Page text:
Finally, I configured the API Endpoint to send data to the Lambda function. I wanted to limit who was capable of sending the information, so I also required an API Key for all requests. You can link your Lambda function to an API Gateway by navigating to the API endpoints section of your Lambda function in the AWS console. You can then create a new API gateway and set it up accordingly. There is an excellent tutorial on API Gateway and Lambda in the AWS documentation.
For this API Gateway, we'll want to make sure we have the Method set to PUT and Security set to Open with access key. This will ensure that the data we send the API Gateway is secured, and that no one other than those with an access key can send data to our endpoint.
That about sums up what's going on on the AWS side. In a future project I'll explore processing the data stored in the DynamoDB table. For now, we're only concerned with capturing it for future use.
The Particle Photon Configuration
For this project, I leveraged the "Internet Button" shield, which comes packed with an accelerometer, four buttons and a number of LED's. This gave me the capability to interact with the API, turning data recording on and off and giving me some visual feedback when I triggered an action, such as setting it to sleep, on the device.
In the world of Particle, a webhook is a published endpoint, attached to your account, that contains the information needed to send data to an external API. Setting this up can be a bit of a challenge, as you'll need to perform the operation through the CLI, and there's not a whole lot in the form of feedback when something is setup wrong. The following steps can be used to configure a Particle webhook with an AWS API Gateway.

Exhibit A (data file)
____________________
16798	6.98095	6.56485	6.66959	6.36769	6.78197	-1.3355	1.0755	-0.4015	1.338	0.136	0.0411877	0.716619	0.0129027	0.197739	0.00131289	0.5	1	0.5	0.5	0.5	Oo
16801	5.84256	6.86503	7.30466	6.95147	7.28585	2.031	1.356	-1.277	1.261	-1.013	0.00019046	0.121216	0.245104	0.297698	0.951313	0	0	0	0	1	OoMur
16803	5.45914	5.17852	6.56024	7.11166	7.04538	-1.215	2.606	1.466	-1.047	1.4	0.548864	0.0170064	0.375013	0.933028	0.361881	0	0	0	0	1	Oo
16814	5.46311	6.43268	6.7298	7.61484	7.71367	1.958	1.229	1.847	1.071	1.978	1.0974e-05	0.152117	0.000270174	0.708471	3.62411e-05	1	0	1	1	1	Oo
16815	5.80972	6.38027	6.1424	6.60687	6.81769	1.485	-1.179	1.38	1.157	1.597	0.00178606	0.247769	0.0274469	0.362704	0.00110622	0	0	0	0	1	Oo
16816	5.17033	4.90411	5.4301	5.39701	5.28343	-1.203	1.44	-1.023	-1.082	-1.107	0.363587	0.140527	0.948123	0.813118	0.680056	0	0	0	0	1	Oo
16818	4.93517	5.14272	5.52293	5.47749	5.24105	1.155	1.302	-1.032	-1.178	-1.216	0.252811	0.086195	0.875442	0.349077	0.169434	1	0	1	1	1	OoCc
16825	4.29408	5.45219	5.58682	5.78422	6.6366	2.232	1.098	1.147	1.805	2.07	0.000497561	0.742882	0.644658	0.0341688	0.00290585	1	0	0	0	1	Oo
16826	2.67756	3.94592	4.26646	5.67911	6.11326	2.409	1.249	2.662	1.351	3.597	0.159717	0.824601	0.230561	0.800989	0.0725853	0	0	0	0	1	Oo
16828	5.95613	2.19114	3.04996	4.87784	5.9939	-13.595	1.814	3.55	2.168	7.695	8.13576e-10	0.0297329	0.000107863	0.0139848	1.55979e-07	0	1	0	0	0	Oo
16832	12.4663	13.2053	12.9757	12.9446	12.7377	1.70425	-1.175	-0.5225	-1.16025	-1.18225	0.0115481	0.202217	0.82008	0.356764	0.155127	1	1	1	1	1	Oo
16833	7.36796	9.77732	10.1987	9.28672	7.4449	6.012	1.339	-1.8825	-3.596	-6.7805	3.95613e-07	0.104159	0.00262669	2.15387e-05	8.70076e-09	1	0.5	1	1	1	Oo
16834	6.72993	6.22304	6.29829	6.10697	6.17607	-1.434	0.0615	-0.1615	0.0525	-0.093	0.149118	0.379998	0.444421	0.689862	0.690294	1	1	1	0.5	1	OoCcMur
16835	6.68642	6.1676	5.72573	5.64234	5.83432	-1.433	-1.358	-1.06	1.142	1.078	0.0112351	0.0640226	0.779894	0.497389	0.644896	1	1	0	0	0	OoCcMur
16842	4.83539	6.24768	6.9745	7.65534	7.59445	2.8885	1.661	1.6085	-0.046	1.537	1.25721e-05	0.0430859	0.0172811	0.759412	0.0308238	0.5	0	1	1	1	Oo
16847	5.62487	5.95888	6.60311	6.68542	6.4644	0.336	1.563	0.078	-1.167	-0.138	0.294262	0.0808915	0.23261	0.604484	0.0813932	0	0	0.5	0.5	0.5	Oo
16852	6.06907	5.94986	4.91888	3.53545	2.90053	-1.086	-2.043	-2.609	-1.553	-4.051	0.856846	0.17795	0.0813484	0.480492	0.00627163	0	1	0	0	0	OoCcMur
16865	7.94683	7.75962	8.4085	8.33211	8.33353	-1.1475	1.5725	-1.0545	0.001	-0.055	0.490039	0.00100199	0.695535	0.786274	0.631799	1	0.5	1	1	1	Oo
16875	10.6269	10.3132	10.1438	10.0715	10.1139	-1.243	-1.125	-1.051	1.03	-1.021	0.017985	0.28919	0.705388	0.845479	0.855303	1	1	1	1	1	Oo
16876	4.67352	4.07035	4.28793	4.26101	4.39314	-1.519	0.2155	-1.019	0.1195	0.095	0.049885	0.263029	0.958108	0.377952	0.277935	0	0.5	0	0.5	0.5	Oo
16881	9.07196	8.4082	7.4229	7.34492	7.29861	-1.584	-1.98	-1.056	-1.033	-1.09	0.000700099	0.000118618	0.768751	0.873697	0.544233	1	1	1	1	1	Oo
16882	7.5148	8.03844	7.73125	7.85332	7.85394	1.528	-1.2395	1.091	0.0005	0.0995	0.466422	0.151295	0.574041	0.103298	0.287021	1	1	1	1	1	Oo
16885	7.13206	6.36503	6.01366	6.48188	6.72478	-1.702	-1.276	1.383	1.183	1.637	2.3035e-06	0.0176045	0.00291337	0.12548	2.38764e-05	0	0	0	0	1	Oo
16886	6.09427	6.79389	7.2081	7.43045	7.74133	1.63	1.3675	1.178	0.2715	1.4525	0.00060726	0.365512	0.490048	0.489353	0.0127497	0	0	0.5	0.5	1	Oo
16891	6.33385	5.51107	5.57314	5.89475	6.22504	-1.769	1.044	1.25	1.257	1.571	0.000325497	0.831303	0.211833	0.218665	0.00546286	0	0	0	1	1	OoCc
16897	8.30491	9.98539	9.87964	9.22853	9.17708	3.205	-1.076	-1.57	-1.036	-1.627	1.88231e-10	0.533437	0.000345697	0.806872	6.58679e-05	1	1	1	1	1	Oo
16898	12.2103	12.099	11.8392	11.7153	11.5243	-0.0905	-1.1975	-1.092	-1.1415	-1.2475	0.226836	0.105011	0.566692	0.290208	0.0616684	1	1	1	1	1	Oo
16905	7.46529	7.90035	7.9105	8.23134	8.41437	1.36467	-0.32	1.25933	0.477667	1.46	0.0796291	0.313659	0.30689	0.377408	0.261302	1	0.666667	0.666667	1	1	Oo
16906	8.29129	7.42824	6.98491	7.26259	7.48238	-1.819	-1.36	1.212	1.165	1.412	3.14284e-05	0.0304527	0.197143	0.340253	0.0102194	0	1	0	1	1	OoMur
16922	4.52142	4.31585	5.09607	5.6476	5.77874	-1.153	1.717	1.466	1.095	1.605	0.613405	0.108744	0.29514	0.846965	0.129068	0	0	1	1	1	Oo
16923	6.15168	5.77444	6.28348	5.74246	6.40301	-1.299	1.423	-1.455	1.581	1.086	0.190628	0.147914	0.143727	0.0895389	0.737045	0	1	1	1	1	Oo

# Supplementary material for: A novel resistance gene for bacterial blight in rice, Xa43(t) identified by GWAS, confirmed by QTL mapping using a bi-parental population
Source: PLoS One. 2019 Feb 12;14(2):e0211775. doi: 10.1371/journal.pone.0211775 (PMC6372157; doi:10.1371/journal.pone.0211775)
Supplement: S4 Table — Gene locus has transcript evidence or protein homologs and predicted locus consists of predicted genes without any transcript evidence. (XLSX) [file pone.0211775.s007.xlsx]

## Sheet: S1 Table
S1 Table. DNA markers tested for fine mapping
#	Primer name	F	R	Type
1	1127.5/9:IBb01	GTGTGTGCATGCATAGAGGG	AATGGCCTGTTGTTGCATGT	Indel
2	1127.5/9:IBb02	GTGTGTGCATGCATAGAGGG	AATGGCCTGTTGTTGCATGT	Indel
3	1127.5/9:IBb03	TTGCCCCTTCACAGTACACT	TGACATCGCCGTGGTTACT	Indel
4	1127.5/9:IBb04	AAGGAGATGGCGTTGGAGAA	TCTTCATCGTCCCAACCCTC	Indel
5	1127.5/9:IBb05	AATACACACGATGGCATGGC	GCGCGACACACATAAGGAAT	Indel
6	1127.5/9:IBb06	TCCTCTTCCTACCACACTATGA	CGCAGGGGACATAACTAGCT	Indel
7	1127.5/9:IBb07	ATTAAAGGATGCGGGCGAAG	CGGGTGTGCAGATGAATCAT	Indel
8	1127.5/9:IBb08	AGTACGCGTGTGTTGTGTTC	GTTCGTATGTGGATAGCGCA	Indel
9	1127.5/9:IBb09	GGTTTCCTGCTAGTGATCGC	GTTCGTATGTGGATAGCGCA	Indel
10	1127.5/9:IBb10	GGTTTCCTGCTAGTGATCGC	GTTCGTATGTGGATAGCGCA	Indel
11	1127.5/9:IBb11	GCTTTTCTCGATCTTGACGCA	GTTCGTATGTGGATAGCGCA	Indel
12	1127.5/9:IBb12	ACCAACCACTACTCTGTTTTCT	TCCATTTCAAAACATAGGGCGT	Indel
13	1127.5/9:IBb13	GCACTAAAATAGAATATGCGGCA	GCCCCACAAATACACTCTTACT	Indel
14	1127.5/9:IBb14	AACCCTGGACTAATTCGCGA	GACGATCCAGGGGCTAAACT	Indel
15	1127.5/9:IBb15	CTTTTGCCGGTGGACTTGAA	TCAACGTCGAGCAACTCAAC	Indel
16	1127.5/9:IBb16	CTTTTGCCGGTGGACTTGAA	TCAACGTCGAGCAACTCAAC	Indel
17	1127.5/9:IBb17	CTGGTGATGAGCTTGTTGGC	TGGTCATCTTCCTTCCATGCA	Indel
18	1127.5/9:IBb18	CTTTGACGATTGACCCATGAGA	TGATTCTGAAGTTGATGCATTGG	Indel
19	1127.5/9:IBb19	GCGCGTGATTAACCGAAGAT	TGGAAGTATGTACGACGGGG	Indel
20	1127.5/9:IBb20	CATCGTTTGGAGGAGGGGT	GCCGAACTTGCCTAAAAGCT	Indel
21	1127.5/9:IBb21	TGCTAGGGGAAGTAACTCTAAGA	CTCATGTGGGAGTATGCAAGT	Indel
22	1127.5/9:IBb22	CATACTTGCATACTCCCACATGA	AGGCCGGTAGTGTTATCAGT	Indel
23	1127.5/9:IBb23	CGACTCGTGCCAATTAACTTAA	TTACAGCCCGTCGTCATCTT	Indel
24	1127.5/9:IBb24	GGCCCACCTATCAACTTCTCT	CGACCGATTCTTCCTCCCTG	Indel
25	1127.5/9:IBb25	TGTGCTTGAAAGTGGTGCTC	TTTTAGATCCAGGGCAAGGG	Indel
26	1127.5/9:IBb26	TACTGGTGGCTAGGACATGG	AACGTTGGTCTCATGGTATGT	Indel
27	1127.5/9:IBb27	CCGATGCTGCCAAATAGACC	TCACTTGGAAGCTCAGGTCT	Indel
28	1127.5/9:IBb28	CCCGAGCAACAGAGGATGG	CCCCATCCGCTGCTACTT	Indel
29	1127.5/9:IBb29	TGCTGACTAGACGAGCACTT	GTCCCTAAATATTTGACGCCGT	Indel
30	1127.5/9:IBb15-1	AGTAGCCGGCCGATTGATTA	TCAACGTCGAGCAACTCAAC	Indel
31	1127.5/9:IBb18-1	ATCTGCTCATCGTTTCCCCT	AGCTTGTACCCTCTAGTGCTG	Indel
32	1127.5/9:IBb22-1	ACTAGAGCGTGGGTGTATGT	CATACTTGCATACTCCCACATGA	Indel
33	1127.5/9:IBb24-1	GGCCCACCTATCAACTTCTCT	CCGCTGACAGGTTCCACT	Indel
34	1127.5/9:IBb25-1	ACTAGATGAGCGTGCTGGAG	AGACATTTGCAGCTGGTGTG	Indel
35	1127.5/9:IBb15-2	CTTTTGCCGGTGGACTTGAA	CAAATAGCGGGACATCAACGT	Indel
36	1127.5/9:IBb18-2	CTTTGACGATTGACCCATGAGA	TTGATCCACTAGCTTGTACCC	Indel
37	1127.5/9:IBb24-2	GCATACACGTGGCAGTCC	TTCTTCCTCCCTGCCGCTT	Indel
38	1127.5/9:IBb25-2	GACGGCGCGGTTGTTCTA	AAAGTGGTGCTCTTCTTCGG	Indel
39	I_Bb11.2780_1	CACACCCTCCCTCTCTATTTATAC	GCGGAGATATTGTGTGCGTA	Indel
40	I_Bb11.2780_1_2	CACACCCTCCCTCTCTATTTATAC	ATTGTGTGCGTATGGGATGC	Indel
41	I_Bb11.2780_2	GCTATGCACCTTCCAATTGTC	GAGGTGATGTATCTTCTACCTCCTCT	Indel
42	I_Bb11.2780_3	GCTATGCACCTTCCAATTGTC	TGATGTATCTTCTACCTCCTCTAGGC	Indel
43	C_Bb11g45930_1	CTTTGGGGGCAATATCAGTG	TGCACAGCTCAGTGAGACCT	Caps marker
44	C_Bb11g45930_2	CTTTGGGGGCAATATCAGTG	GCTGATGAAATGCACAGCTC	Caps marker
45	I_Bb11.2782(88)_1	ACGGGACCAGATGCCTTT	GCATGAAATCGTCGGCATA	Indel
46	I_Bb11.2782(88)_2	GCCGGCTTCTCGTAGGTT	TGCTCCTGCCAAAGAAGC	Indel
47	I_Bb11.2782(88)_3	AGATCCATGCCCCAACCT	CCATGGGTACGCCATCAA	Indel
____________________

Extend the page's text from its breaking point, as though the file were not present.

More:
The first thing you'll need to do is install the Particle CLI and log in. Luckily, Particle has put together a great resource for setting this up. After getting the CLI configured, you'll need to create a JSON definition file for the webhook. This file contains the API keys sent in the header, a template for the data being sent, and the URL of the endpoint. I have a sample of this file above. Finally, from the CLI, you'll need to add the webhook API:
particle webhook create SleepAPI.json
This will associate the API, as it is named in the JSON file, with your account. To send data to the API, you'll use the "Particle.publish()" function from your code snipped with the API name as the first attribute. More information on Particles implementation of Webhooks can be found in their documentation.
The small block of code used for the Particle loops through every 100 milliseconds and capture any movement that took place. I'm using a special function, specific for the Internet Button, that returns the "lowest LED" during each loop. If the "lowest LED" has changed since the previous loop, I record that as a single movement. After one full minute of looping, the total is sent to my AWS API Gateway via the Particle webhook functionality.
The end result of tying all of these services together is a pretty robust, low cost IoT platform. I was able to create a prototype in a few hours, using off the shelf products and a bit of connectivity code sprinkled throughout. While my example is a movement "sleep" tracker, it's easy to see how this type of IoT design can be used in a number of applications.
The chart above is a sample of data extracted from the DynamoDB table after a night of sleep. The data captured is complete, and an exciting first step in the creation of my roll-your-own sleep tracker. There's still plenty of work to do when it comes to processing the information, but the initial results are inspiring. The serverless architecture is quickly becoming a viable reality.